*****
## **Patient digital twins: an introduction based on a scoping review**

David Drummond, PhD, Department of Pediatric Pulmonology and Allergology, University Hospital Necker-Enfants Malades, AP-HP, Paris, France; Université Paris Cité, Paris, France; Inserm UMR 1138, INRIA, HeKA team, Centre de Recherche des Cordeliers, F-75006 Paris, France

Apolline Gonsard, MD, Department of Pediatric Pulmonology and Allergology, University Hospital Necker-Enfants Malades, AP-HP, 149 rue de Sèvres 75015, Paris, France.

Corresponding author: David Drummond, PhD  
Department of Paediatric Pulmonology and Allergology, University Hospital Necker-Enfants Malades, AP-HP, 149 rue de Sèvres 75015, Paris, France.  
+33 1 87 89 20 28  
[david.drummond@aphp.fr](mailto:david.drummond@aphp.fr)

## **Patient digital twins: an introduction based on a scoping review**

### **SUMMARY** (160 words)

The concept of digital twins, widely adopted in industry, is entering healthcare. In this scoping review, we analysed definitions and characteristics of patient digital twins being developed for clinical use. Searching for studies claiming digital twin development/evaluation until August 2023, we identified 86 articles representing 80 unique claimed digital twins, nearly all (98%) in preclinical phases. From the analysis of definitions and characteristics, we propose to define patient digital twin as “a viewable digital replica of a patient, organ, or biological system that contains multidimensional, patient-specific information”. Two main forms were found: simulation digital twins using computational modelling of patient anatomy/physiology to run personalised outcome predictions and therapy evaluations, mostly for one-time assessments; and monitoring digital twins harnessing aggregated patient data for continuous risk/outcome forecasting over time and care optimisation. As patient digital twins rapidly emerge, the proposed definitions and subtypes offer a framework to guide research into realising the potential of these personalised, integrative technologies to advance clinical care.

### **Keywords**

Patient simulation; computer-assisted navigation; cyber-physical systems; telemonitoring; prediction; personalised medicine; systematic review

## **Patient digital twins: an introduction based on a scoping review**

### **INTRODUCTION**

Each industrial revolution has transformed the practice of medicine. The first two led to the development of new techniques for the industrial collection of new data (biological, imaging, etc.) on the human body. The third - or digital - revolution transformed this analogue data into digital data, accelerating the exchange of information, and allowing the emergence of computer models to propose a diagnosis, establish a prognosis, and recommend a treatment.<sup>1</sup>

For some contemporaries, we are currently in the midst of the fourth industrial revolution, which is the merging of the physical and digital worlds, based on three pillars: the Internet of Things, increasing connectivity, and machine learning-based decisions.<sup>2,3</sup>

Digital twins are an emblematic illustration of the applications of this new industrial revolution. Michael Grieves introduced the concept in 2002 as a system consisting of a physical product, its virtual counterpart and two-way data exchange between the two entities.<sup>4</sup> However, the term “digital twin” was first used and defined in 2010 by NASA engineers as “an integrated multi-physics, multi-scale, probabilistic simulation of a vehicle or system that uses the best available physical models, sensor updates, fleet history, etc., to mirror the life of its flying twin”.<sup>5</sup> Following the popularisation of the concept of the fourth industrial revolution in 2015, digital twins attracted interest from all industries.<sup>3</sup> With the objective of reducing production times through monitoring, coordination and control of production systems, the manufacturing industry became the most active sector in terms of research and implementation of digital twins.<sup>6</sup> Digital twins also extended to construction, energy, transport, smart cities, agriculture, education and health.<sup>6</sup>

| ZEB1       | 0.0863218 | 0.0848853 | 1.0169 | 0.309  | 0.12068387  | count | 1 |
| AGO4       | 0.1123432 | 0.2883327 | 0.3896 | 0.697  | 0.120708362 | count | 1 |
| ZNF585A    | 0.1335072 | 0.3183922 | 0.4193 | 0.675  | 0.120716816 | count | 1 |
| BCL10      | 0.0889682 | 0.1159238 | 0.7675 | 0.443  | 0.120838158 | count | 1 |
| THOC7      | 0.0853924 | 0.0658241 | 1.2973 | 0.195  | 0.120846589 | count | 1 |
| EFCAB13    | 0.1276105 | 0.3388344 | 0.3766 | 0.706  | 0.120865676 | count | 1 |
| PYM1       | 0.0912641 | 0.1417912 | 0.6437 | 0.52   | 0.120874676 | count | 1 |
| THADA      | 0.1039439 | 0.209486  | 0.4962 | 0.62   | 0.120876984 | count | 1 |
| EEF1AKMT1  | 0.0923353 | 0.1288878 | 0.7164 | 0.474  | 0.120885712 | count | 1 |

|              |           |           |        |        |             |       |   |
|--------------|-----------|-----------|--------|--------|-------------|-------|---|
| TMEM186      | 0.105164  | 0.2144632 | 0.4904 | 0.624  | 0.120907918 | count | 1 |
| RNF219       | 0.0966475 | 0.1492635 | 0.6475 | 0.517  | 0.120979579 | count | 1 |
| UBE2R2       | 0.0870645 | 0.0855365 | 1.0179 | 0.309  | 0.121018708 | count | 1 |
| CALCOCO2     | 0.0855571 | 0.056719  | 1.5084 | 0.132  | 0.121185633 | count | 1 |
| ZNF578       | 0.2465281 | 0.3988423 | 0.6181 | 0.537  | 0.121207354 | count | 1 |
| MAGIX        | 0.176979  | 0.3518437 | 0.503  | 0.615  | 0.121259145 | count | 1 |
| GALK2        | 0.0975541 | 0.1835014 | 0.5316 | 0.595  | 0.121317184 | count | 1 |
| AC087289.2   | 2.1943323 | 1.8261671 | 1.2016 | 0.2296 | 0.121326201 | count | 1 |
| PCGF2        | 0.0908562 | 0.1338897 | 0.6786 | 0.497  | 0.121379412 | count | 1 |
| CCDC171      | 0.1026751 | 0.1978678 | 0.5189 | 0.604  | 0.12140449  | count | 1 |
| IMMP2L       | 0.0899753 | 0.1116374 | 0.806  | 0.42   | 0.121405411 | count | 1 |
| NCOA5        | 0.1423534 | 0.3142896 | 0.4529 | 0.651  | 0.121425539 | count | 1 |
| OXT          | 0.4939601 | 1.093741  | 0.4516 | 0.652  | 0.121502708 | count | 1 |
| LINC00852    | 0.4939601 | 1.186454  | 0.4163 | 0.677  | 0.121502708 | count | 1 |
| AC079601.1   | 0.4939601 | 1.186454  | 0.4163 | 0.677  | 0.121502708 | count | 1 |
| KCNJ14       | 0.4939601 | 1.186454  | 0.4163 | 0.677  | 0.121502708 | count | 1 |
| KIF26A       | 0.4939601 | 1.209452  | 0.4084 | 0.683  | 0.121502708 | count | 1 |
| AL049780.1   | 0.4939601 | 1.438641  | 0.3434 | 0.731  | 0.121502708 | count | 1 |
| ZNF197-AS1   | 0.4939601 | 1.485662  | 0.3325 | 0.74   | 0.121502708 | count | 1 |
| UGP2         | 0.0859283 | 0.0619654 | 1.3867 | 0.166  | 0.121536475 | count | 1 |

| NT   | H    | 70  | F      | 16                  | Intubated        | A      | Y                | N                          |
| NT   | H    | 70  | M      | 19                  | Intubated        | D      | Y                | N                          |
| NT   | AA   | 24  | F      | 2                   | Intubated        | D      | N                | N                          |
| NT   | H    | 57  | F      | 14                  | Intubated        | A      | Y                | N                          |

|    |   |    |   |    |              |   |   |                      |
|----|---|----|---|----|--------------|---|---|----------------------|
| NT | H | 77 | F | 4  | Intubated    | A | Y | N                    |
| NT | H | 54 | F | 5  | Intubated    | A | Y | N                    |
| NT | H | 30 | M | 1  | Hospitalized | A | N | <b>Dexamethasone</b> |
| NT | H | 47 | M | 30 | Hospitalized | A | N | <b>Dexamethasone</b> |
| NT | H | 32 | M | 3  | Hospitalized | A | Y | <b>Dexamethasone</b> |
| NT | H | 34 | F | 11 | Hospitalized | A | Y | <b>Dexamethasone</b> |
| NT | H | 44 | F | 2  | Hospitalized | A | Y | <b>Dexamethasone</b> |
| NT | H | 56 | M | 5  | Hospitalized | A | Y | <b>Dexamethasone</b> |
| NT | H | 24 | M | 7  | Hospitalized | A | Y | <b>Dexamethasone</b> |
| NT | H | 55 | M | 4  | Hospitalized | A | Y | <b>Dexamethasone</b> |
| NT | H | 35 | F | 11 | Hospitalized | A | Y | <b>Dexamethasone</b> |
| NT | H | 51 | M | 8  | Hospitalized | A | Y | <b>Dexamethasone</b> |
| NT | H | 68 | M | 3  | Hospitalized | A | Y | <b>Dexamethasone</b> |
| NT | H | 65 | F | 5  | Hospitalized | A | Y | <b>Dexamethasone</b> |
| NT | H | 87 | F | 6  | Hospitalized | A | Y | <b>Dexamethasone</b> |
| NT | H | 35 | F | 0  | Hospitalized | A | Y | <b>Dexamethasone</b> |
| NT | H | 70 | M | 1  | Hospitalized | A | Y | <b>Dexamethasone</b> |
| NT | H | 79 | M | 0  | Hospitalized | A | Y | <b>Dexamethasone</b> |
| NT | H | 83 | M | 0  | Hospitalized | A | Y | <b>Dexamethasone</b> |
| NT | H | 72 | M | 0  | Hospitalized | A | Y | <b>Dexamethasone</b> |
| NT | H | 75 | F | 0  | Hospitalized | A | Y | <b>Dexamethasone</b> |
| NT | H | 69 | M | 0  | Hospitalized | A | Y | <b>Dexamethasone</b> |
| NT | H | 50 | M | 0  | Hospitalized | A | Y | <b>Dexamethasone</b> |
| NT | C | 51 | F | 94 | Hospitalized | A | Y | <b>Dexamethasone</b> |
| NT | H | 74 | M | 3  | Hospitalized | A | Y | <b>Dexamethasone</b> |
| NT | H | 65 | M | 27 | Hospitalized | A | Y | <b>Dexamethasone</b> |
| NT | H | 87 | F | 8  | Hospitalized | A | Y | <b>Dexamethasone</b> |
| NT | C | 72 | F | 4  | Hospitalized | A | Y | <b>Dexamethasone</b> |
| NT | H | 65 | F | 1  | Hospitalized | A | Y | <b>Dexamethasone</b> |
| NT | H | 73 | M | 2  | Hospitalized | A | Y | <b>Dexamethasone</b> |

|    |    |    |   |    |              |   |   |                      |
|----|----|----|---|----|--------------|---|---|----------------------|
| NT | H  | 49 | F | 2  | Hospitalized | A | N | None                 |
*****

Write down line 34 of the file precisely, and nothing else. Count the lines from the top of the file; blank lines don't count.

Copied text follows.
| MAGIX        | 0.176979  | 0.3518437 | 0.503  | 0.615  | 0.121259145 | count | 1 |